But for all of his disagreeableness, I found Edgar fascinating and heartbreaking. For someone who weighed less than a pound, he had so much pathos, personality, and self-expression. He really opened my eyes to how complex birds are, and definitely inspired Roohoo. 

And I should add that Edgar’s story does end well! My mom ended up getting to know a woman who took in parrots and had several rooms of her house devoted to them. She adopted Edgar, and when we visited him later he was a changed bird—cheerful, social, and affectionate. He lived another fifteen years with her and her other birds, and by all accounts, despite his early tragedies, he was happy.

I love this story, thanks for sharing! I’m sure writing from the perspective of pigeons was an interesting challenge. Could you share with us another writing challenge you had to face while writing this book, and how it helped you grow as a writer?

I had a long road to publication, one that included querying dozens of agents over several years and then revising the manuscript extensively after I signed with my agent Katie Grimm in 2016. But that seems par for the course! 

Prior to all of that, I was raised by a single mom and until I was a teenager our finances were constantly, frighteningly precarious. We moved over a dozen times, and every year I was a free or reduced-price lunch kid in social settings where that wasn’t always the norm. Public and school libraries were an absolute lifeline for me. To be very honest, I’m not sure I would be a writer without having had access to them, since purchasing books was a luxury we couldn’t afford, and I was hugely inspired by the books I read—they made me want to write my own. I was blessed to have a mother who really believed in reading, too. Even though she was tired from working and taking care of me by herself, she brought me to the library at least twice a week throughout my childhood and read to me every night without fail. She also wrote down the stories I told her before I knew how to write them myself, and always told me I could be an author if I wanted. She gave me every advantage she could in our difficult circumstances, and I’ll be forever grateful for that.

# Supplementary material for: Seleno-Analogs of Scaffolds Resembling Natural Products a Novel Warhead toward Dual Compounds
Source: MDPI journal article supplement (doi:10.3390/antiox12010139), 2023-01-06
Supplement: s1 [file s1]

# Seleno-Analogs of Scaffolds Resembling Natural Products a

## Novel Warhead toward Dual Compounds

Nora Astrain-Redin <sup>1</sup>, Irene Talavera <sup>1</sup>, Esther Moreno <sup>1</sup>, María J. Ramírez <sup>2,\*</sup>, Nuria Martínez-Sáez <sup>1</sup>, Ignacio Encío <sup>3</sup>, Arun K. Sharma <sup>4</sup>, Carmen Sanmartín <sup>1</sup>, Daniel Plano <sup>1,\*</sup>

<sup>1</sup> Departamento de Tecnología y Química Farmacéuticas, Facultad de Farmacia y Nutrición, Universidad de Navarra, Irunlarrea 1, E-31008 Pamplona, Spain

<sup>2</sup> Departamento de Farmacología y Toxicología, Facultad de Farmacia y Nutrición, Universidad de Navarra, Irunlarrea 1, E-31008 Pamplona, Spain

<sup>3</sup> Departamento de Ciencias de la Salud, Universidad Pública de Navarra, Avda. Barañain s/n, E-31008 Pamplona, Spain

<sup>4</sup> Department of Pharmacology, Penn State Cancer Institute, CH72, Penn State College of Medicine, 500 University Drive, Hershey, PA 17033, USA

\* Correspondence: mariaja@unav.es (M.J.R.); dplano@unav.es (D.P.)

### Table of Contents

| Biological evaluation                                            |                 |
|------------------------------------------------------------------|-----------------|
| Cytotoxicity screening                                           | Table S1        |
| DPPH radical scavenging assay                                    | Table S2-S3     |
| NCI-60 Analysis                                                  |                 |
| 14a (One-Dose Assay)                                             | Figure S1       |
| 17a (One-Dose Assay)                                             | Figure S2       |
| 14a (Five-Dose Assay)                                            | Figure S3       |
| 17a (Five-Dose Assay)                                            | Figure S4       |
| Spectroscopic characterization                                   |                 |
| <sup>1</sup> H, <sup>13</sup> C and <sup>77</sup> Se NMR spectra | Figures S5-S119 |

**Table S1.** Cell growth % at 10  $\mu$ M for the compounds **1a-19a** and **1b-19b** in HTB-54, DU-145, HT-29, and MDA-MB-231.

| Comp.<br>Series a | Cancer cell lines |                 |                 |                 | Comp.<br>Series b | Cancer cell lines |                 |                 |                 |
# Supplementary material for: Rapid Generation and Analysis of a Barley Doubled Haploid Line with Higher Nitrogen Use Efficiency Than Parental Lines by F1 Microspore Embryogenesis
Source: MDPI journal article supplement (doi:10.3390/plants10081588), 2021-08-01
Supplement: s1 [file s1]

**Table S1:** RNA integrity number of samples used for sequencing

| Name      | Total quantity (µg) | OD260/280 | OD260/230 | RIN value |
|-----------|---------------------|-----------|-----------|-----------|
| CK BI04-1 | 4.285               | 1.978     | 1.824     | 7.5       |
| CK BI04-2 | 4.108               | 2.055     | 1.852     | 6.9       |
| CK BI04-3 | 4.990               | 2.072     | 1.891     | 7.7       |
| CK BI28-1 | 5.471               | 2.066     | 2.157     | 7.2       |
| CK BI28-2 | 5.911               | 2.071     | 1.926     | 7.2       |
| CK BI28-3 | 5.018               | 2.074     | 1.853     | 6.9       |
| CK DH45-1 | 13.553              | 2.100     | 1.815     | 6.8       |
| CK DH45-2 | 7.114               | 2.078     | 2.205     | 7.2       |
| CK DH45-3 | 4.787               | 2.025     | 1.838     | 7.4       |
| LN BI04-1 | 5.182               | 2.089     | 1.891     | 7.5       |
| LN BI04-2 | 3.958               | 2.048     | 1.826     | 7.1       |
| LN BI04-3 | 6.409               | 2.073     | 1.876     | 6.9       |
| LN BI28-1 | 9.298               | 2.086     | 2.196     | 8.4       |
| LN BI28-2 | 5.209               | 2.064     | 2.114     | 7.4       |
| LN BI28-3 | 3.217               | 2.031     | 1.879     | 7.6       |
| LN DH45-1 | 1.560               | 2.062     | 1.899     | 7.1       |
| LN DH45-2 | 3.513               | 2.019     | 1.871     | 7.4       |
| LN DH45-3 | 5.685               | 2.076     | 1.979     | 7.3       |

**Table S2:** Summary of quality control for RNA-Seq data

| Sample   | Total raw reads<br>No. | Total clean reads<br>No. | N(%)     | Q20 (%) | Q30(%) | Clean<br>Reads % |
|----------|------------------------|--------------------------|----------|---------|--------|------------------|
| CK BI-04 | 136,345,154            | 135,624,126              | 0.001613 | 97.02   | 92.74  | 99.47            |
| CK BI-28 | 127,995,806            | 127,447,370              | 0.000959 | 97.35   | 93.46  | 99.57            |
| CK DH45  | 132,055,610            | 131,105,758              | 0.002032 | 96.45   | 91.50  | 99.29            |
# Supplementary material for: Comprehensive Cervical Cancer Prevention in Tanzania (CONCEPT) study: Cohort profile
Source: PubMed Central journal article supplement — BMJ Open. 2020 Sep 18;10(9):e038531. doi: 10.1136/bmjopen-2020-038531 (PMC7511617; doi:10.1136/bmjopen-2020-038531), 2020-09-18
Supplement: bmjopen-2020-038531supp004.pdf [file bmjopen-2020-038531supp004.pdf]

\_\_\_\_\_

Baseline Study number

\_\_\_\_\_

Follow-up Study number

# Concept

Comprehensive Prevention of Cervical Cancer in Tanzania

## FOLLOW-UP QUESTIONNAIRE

It always warms my heart to hear about the importance of a library to a young person.

What do you hope that readers will take away from your story?

I hope Coo’s story inspires kids and everyone to think more imaginatively and compassionately about how we relate to others, about the possibilities of love, and what the bonds are that make us family. Most of all I hope that they find Coo both comforting and exciting, like an old friend. Almost all of my favorite books are like that.